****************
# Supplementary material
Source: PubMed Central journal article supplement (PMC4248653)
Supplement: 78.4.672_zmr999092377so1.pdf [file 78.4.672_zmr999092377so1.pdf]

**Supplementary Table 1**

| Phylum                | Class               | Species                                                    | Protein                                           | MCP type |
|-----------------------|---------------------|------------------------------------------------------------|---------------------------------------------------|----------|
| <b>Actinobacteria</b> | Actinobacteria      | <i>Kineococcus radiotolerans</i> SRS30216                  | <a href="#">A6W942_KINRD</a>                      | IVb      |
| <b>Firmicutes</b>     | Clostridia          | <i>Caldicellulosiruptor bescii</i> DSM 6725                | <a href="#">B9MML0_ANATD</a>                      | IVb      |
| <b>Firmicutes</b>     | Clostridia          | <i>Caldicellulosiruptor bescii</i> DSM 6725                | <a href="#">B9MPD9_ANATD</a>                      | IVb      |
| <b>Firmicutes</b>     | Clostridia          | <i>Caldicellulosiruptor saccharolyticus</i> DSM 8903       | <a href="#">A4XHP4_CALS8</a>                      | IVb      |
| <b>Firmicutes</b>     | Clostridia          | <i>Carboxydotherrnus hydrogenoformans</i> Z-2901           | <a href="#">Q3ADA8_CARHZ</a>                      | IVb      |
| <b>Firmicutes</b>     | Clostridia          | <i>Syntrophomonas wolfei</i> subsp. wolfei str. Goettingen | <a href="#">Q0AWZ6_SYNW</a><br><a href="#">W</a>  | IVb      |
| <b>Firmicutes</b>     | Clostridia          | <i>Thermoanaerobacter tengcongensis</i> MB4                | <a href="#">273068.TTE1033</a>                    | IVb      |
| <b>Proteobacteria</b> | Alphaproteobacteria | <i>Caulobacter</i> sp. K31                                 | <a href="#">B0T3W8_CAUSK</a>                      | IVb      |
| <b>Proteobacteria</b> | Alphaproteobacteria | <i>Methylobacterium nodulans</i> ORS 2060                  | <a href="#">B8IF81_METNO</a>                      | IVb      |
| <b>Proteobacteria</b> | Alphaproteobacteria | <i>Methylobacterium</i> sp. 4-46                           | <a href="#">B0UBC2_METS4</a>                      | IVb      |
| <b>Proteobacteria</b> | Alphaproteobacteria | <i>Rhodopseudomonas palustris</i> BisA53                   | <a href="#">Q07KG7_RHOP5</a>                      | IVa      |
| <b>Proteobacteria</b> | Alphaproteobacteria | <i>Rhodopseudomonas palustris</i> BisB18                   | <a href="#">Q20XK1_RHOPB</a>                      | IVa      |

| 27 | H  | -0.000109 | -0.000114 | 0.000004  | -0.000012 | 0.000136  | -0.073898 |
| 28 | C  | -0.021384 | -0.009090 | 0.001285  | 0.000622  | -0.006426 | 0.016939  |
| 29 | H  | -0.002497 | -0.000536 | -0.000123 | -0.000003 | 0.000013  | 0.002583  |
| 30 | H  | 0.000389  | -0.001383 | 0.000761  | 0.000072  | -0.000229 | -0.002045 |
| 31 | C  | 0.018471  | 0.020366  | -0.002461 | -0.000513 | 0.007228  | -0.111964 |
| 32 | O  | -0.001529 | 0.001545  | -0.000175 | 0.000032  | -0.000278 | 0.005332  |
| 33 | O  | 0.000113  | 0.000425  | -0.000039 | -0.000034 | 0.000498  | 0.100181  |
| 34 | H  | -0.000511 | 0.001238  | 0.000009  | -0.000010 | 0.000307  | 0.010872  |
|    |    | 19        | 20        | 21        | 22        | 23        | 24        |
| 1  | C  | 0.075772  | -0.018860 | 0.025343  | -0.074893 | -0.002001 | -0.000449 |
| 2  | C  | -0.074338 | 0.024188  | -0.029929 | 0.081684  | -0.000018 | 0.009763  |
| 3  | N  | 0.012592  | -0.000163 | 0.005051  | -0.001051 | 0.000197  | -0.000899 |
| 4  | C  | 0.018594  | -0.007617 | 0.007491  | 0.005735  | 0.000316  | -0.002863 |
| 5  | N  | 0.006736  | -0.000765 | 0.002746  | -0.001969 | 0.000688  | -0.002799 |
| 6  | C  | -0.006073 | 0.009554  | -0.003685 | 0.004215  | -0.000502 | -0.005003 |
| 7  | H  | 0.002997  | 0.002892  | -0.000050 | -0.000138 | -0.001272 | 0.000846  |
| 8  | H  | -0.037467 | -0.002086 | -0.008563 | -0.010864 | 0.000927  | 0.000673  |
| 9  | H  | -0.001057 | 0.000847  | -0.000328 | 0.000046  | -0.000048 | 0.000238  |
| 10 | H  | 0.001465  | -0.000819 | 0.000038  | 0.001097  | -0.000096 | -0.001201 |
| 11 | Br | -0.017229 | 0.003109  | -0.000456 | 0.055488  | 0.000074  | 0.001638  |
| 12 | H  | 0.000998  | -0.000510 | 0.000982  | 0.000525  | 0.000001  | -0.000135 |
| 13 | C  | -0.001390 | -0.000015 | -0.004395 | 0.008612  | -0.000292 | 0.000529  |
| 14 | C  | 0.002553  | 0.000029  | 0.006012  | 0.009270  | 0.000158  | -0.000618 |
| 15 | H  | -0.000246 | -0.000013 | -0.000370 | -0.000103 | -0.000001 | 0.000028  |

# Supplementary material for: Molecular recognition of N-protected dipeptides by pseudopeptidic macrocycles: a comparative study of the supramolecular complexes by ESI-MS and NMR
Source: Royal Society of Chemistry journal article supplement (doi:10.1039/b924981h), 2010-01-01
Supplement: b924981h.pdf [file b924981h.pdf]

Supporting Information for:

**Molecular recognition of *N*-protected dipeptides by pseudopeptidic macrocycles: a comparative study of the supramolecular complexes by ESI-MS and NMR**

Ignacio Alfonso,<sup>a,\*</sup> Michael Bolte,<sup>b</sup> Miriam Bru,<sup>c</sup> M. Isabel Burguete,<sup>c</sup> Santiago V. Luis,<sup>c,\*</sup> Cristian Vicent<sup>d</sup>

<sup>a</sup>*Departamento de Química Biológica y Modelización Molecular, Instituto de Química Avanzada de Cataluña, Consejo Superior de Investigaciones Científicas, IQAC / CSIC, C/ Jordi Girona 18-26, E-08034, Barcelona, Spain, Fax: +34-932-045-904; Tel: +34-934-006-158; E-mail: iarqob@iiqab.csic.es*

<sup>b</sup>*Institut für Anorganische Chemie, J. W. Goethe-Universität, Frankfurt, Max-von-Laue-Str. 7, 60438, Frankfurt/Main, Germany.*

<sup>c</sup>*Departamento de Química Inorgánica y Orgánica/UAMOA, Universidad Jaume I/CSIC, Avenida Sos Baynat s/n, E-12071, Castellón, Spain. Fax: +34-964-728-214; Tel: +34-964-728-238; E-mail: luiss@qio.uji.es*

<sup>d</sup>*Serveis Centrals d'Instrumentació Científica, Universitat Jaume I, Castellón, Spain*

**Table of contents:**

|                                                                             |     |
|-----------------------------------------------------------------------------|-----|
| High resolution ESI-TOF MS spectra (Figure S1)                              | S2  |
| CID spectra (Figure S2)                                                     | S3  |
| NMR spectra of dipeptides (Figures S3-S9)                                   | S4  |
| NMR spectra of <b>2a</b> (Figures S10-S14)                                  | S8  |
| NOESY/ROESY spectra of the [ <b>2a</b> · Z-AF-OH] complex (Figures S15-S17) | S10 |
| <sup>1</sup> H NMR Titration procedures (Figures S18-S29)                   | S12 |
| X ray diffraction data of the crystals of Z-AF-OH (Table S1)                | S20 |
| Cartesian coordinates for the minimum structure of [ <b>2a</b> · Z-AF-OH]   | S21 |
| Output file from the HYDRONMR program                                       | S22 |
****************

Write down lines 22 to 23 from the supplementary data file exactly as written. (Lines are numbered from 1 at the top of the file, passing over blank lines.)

| 30 | H  | 0.000389  | -0.001383 | 0.000761  | 0.000072  | -0.000229 | -0.002045 |
| 31 | C  | 0.018471  | 0.020366  | -0.002461 | -0.000513 | 0.007228  | -0.111964 |